NEWPORT - Dr. George Orthey loves the autoharp.
Orthey is a 79 year-old retired veterinarian with the United States Army. The Perry County man can't hear a thing without his hearing aids. He admits he can't play an instrument.
But Orthey is a world-renown autoharp craftsman who has created 1,448 autoharps for professional performers and amateur enthusiasts since 1964.
George Orthey, of Newport, rests on one of his handcrafted auto harps inside his shop recently.
Sentinel photos by TABITHA GOODLING
A flower is the trademark of Orthey’s instruments which is seen being held by performer Oscar Harris of Virginia.
Sentinel photos by TABITHA GOODLING
Music and the military
Orthey grew up in the New York City metropolitan area but never took a liking to "city life." Each weekend he visited his aunt and uncle's farm and would wake up in the middle of the night to listen to his favorite radio program that consisted of folk/blue grass or "old time" music.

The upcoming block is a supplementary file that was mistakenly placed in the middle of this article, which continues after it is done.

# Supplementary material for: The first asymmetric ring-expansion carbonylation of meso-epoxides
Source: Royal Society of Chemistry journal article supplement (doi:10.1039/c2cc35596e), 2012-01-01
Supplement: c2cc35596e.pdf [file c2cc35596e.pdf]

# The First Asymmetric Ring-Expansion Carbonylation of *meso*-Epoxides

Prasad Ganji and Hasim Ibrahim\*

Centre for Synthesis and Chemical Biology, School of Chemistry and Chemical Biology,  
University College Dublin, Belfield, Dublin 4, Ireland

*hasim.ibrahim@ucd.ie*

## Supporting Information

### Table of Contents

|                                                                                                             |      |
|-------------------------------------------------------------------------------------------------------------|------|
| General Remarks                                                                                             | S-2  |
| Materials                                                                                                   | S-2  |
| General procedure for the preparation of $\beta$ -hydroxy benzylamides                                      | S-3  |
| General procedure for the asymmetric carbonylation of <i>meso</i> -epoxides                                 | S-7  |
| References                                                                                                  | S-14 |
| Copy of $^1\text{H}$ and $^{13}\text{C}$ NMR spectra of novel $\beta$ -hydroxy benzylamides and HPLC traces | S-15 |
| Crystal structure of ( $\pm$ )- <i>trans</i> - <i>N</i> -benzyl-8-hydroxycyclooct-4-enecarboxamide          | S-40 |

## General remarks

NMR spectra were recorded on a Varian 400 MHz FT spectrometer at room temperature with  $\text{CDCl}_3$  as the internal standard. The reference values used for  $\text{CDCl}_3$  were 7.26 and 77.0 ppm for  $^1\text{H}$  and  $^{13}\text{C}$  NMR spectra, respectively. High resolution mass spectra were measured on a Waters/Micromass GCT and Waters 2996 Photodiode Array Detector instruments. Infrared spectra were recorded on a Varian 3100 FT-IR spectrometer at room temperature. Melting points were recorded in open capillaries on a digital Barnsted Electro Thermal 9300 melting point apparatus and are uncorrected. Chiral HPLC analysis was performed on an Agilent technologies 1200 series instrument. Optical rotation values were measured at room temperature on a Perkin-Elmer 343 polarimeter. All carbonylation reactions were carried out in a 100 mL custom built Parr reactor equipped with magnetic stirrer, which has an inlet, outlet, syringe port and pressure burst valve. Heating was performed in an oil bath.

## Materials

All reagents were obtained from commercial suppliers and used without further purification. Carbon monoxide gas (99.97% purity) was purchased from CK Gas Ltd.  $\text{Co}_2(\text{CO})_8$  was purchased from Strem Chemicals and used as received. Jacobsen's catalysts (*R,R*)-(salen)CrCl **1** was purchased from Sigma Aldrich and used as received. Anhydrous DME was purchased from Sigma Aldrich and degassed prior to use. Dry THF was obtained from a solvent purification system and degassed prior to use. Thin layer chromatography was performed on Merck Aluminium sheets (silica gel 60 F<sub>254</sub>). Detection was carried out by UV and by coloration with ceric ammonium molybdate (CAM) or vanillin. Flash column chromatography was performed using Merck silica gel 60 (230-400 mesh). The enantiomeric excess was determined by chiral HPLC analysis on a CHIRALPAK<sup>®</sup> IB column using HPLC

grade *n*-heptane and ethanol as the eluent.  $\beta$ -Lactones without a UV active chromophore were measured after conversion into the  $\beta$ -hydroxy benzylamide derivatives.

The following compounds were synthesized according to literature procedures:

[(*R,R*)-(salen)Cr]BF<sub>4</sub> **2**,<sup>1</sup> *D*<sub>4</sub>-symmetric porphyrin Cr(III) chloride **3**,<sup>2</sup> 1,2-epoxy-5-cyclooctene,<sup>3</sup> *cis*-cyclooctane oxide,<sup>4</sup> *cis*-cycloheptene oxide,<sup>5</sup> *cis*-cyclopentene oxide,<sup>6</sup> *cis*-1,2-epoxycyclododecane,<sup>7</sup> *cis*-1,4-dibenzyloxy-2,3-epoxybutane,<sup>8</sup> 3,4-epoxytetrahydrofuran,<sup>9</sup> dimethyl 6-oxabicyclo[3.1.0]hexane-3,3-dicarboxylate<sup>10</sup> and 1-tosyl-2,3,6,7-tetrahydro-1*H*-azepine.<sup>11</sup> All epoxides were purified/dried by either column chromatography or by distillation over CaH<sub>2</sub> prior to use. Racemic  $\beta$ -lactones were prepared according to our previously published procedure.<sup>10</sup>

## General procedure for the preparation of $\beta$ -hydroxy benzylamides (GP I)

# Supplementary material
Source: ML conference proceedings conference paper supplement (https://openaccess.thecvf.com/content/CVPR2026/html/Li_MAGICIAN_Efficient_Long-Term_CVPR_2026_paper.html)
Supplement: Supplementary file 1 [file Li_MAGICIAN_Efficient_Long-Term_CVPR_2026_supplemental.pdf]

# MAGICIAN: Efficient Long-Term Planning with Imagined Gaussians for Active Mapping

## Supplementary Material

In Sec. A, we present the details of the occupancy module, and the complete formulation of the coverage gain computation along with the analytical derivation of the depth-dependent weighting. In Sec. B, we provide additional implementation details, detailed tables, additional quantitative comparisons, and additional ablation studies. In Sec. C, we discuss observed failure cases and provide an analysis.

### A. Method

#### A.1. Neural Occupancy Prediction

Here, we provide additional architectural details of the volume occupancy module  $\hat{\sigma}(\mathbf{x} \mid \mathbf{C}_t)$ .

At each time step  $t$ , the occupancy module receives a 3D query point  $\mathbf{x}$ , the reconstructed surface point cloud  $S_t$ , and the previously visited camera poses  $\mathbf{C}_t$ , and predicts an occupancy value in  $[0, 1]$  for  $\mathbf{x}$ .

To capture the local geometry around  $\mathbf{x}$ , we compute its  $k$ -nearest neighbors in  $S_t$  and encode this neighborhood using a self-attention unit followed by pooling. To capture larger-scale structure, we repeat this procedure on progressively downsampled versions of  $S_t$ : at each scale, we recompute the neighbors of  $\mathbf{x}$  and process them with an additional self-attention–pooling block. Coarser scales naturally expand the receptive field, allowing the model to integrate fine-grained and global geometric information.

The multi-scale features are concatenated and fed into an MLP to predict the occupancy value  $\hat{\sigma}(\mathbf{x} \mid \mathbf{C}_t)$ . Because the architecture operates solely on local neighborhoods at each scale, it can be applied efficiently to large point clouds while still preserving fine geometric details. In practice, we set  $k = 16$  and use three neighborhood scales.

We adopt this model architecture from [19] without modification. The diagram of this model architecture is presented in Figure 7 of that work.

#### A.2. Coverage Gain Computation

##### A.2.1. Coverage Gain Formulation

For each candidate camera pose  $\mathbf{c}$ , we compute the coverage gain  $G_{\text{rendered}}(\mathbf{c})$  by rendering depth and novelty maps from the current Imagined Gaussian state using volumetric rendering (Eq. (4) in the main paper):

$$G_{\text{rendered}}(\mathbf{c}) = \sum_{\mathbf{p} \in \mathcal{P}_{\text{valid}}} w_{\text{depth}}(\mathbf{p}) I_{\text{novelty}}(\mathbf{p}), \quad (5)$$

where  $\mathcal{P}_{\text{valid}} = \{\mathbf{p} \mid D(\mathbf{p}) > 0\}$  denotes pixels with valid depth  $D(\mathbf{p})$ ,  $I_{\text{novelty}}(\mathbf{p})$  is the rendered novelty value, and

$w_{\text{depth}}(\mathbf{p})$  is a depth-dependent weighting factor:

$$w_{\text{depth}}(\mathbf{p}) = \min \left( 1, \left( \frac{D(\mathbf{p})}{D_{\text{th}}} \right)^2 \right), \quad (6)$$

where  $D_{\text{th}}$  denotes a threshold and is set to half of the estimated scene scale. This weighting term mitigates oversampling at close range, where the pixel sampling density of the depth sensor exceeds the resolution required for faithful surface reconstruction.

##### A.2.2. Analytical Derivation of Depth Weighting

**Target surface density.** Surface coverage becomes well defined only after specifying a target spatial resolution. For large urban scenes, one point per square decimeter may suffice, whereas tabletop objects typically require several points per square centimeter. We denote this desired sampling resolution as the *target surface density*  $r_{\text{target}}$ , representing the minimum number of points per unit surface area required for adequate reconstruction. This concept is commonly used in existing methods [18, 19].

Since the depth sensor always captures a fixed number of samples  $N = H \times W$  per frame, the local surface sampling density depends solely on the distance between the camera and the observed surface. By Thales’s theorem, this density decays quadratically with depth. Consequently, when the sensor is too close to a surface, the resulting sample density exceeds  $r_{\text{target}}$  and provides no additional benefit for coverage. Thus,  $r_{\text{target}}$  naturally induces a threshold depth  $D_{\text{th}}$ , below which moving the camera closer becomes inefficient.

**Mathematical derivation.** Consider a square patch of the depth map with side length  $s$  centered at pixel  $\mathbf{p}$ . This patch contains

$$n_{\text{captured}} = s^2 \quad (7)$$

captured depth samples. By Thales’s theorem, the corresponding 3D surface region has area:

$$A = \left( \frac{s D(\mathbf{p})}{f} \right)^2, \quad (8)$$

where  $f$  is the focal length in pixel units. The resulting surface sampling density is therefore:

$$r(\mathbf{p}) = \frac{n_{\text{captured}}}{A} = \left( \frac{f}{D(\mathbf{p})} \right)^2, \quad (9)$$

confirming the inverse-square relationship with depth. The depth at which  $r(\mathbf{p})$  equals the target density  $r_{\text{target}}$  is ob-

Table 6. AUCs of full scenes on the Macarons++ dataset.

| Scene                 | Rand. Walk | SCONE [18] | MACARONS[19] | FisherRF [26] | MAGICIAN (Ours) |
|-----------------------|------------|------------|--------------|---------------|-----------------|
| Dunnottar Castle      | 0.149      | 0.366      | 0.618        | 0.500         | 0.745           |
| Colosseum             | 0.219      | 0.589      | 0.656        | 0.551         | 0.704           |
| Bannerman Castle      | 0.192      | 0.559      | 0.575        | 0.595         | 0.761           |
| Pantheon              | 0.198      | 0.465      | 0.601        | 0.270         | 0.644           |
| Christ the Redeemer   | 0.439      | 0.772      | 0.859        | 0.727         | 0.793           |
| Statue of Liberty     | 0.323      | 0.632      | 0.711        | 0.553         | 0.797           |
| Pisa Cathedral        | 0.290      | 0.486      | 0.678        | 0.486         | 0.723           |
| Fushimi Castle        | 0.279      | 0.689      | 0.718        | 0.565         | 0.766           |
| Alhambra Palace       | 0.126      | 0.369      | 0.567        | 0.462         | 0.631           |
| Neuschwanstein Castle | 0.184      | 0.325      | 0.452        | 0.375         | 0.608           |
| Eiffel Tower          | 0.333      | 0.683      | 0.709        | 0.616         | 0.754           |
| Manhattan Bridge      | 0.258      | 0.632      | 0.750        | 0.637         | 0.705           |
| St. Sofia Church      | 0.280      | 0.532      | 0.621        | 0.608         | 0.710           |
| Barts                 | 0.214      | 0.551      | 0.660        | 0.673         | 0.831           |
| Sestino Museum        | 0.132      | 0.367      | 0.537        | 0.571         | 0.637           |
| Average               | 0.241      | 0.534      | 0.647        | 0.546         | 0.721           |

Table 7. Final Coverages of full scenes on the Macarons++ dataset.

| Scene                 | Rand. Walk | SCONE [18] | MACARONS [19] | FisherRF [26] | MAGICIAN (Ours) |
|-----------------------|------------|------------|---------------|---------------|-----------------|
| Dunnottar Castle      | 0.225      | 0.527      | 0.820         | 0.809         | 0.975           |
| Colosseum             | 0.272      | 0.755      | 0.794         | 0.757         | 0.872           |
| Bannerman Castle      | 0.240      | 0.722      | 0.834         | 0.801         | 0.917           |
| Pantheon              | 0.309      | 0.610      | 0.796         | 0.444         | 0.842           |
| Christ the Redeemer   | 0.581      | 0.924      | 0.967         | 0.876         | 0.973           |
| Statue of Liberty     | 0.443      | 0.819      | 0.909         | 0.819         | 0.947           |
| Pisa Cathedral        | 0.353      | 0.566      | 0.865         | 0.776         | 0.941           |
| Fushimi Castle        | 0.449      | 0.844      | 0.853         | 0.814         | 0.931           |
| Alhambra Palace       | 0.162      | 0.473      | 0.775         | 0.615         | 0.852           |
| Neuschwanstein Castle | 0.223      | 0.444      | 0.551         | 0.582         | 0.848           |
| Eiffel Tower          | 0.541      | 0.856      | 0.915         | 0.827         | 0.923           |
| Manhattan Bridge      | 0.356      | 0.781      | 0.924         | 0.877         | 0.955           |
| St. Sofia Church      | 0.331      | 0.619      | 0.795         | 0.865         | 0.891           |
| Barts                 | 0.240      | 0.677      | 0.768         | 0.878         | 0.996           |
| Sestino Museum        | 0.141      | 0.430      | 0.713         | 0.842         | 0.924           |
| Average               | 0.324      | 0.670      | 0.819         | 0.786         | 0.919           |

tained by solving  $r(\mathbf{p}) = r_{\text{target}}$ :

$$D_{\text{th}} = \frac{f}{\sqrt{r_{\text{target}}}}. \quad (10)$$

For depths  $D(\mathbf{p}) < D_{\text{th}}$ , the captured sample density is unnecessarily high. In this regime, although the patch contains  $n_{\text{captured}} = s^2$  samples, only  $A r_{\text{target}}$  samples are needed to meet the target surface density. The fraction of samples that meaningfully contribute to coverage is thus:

While Orthey was in college the Korean War was in full rage. He attended veterinarian school and was a vet with the U.S. Army. Orthey worked as a zoo veterinarian in Panama and taught courses on nuclear warfare while stationed in San Antonio, Texas.
"I never did the same thing twice," he said of his 28-year military career, admitting he enjoyed watching his comrades "blow up the dessert" during training. It didn't take long for Orthey to realize he was not satisfied in the career. He began the hobby of making wooden instruments in the early 1960s "to keep me from losing my mind."